The Modern Oil and Gas Rotary Drilling Rig
Although the science of geology has advanced during the past decade, the only accurate way to determine whether or not crude oil or natural gas is present is to drill.
The most common type of land-drilling rig is the cantilevered mast. Sometimes called a jackknife derrick rig. When assembling this rig, the outside structure, made of prefabricated sections, is joined together with large pins. The engine and derrick sections are put into position and pinned together by the drilling crew. Next, the drawworks and engines are put in place. Finally, the derrick sections are laid out horizontally and raised as a unit by the hoisting line, traveling block and drawworks.
In rotary drilling, a bit used to cut the formation is attached to steel pipe called drillpipe. The bit is lowered to the bottom of the hole. The pipe is rotated from the surface by means of a rotary table, through which is inserted a square or hexagonal piece of pipe called a kelly. The turning action of the rotary table is applied to the kelly, which in turn rotates the drillpipe and the drilling bit. Routine drilling consists of continuously drilling increments the length of one joint of pipe, making connections or adding to the drillstring another single joint of pipe, generally 30 or 45 ft. long. This drilling continues until the drill bit must be changed. Changing the bit is also called making a “trip.” A round trip is simply coming out of the hole, changing the bit, and going back into the hole.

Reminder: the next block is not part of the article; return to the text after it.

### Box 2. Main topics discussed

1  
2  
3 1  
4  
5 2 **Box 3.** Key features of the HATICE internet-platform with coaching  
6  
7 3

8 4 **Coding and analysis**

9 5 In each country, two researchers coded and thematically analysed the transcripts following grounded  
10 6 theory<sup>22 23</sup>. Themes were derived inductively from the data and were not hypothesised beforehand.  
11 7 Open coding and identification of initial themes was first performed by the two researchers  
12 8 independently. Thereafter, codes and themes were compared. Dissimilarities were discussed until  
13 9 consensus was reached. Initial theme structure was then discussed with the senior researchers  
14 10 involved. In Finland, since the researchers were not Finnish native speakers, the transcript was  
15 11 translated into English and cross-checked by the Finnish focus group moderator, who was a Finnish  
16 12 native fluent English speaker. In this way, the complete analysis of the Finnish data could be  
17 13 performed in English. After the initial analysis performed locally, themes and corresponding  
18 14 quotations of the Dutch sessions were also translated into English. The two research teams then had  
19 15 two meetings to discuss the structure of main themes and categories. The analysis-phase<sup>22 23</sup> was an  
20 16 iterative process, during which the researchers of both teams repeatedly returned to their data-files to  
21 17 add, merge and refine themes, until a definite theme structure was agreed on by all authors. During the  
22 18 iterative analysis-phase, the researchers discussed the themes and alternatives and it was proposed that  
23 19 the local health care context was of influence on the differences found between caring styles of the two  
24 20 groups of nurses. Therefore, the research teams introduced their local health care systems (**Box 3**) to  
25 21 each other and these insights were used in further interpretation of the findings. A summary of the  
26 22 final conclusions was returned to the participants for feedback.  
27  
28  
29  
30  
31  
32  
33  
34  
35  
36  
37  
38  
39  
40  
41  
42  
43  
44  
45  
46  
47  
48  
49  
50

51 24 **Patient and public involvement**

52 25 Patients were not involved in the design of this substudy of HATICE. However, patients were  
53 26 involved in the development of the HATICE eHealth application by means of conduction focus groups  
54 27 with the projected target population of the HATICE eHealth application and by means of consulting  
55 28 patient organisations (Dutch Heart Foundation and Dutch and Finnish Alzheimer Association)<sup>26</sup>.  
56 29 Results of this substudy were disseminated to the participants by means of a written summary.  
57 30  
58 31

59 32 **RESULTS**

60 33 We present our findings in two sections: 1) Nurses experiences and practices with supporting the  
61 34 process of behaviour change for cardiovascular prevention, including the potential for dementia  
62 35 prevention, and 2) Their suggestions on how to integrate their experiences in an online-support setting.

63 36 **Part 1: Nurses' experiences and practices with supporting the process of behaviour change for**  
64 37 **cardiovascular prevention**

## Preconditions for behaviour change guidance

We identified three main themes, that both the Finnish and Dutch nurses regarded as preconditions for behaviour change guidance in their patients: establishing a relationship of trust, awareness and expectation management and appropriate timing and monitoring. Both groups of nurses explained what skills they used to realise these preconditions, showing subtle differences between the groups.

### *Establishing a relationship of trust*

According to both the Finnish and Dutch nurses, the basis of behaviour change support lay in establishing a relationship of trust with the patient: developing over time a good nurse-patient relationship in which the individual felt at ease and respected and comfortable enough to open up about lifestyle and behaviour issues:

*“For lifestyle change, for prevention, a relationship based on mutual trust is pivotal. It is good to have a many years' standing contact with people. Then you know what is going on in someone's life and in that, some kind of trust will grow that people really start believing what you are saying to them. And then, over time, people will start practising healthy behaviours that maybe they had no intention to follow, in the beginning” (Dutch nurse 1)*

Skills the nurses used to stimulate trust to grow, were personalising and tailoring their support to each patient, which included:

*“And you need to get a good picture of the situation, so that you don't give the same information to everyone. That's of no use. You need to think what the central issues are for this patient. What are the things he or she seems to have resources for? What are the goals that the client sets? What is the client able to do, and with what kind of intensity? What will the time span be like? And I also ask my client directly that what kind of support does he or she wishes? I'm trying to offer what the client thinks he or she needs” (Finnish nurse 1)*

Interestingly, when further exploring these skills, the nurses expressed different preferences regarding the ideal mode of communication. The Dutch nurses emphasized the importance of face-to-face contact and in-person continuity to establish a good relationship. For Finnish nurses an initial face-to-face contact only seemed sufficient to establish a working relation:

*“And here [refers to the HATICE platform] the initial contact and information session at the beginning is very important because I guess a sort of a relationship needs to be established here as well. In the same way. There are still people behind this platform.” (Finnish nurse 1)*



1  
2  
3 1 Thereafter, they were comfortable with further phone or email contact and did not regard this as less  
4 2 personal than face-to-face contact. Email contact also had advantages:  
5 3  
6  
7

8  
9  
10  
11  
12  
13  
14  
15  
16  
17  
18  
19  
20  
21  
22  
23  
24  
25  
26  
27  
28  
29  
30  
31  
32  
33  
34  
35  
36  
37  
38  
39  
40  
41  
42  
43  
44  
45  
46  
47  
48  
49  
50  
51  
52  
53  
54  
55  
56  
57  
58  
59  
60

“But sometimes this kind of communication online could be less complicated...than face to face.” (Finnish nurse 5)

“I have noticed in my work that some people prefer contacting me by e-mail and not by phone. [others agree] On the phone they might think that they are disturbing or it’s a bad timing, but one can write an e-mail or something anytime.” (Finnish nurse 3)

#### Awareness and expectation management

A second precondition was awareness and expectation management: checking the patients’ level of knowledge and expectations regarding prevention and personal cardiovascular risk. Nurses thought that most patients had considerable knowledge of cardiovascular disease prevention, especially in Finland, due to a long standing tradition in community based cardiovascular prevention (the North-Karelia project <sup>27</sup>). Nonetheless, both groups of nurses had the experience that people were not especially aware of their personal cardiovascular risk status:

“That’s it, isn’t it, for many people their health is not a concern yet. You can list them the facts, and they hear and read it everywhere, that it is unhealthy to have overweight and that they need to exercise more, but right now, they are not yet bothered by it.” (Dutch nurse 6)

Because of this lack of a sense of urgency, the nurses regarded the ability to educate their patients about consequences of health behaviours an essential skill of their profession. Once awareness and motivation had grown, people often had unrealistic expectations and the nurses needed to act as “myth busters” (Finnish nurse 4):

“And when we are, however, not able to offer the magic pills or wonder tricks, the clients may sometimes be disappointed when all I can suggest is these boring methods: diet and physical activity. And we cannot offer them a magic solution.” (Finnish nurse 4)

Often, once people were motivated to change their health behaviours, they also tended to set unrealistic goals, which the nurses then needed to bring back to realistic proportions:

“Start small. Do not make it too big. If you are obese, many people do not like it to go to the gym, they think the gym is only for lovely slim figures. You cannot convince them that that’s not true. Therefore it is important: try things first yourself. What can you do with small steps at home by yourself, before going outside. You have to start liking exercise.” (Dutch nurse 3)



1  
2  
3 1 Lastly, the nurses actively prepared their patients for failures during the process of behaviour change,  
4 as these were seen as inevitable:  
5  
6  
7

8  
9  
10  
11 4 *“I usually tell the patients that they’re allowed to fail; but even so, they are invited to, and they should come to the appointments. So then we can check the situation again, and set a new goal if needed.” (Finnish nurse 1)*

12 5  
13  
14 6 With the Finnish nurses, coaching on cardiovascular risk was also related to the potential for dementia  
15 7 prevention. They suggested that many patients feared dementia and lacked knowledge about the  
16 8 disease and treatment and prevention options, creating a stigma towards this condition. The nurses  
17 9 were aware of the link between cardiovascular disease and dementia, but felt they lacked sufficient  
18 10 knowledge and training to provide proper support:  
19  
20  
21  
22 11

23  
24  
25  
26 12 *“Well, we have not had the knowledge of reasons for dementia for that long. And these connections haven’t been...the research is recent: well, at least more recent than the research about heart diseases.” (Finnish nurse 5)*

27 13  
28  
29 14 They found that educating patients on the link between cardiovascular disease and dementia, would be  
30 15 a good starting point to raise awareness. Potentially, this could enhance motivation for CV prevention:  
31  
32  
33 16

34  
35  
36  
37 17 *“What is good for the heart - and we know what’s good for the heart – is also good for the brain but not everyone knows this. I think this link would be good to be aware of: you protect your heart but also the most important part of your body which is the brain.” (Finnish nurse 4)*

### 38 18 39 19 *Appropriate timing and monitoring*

The principal components of a rotary rig are (1) the mast, (2) the drawworks, (3) the engines, (4) the mud system and (5) the drillstring. The mast or derrick is the structure placed over the well to help remove the pipe from and lower equipment into the hole. The drawworks is the hoisting equipment. The engines drive the mud pumps, drawworks and provide power for miscellaneous requirements like electricity. The mud system is comprised of the mud pumps, mud tanks, the mud flow lines and the circulating hose. The drillstring is the entire rotating assembly and consists of the kelly, drillpipe, drill collars and drill bit. At the bottom of the hole, the cuttings, or pieces of formation cut loose by the drilling bit, are removed from the hole continuously through the circulation of drilling mud or fluid: it cools and lubricates the bit and plasters the wall of the hole, making the hole more stable; and its hydrostatic pressure prevents the flow of salt water, oil and gas into the wellbore, helping prevent blowouts.